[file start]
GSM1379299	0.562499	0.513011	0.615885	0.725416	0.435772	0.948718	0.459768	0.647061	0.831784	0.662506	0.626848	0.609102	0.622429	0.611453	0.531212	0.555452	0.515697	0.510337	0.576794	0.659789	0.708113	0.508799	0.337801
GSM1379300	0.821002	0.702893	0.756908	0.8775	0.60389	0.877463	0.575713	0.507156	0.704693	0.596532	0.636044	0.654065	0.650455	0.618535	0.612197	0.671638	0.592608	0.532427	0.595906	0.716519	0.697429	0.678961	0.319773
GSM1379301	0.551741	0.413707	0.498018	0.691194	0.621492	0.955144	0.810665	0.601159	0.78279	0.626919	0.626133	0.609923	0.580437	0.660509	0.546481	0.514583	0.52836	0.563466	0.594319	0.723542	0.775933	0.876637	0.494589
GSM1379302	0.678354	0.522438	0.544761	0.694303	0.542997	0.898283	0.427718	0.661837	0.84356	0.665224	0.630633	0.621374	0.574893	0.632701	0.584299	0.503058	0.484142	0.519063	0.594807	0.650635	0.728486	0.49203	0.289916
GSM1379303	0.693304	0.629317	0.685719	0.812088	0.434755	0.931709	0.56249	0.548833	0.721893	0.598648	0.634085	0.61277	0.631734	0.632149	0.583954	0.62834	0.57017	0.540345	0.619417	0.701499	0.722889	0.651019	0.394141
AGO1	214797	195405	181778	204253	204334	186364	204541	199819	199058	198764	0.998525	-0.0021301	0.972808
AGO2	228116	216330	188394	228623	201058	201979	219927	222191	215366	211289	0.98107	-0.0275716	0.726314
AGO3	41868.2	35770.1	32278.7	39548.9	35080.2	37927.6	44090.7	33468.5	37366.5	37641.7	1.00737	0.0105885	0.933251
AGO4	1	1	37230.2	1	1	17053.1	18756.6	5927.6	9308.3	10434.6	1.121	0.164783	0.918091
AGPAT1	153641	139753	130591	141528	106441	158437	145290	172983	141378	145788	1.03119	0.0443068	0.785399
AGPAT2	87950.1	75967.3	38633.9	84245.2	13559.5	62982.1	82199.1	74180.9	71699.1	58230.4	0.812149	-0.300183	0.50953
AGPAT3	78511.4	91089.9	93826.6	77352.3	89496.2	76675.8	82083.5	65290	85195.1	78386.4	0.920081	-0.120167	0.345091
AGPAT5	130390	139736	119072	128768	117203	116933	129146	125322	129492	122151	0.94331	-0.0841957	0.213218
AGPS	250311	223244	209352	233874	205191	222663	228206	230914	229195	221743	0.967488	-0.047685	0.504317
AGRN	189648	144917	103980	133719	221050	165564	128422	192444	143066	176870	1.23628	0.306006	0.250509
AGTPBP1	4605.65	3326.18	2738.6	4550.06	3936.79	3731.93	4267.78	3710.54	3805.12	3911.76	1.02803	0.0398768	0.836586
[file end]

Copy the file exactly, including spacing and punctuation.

GSM1379299	0.562499	0.513011	0.615885	0.725416	0.435772	0.948718	0.459768	0.647061	0.831784	0.662506	0.626848	0.609102	0.622429	0.611453	0.531212	0.555452	0.515697	0.510337	0.576794	0.659789	0.708113	0.508799	0.337801
GSM1379300	0.821002	0.702893	0.756908	0.8775	0.60389	0.877463	0.575713	0.507156	0.704693	0.596532	0.636044	0.654065	0.650455	0.618535	0.612197	0.671638	0.592608	0.532427	0.595906	0.716519	0.697429	0.678961	0.319773
GSM1379301	0.551741	0.413707	0.498018	0.691194	0.621492	0.955144	0.810665	0.601159	0.78279	0.626919	0.626133	0.609923	0.580437	0.660509	0.546481	0.514583	0.52836	0.563466	0.594319	0.723542	0.775933	0.876637	0.494589
GSM1379302	0.678354	0.522438	0.544761	0.694303	0.542997	0.898283	0.427718	0.661837	0.84356	0.665224	0.630633	0.621374	0.574893	0.632701	0.584299	0.503058	0.484142	0.519063	0.594807	0.650635	0.728486	0.49203	0.289916
GSM1379303	0.693304	0.629317	0.685719	0.812088	0.434755	0.931709	0.56249	0.548833	0.721893	0.598648	0.634085	0.61277	0.631734	0.632149	0.583954	0.62834	0.57017	0.540345	0.619417	0.701499	0.722889	0.651019	0.394141
AGO1	214797	195405	181778	204253	204334	186364	204541	199819	199058	198764	0.998525	-0.0021301	0.972808
AGO2	228116	216330	188394	228623	201058	201979	219927	222191	215366	211289	0.98107	-0.0275716	0.726314
AGO3	41868.2	35770.1	32278.7	39548.9	35080.2	37927.6	44090.7	33468.5	37366.5	37641.7	1.00737	0.0105885	0.933251
AGO4	1	1	37230.2	1	1	17053.1	18756.6	5927.6	9308.3	10434.6	1.121	0.164783	0.918091
AGPAT1	153641	139753	130591	141528	106441	158437	145290	172983	141378	145788	1.03119	0.0443068	0.785399
AGPAT2	87950.1	75967.3	38633.9	84245.2	13559.5	62982.1	82199.1	74180.9	71699.1	58230.4	0.812149	-0.300183	0.50953
AGPAT3	78511.4	91089.9	93826.6	77352.3	89496.2	76675.8	82083.5	65290	85195.1	78386.4	0.920081	-0.120167	0.345091
AGPAT5	130390	139736	119072	128768	117203	116933	129146	125322	129492	122151	0.94331	-0.0841957	0.213218
AGPS	250311	223244	209352	233874	205191	222663	228206	230914	229195	221743	0.967488	-0.047685	0.504317
AGRN	189648	144917	103980	133719	221050	165564	128422	192444	143066	176870	1.23628	0.306006	0.250509
AGTPBP1	4605.65	3326.18	2738.6	4550.06	3936.79	3731.93	4267.78	3710.54	3805.12	3911.76	1.02803	0.0398768	0.836586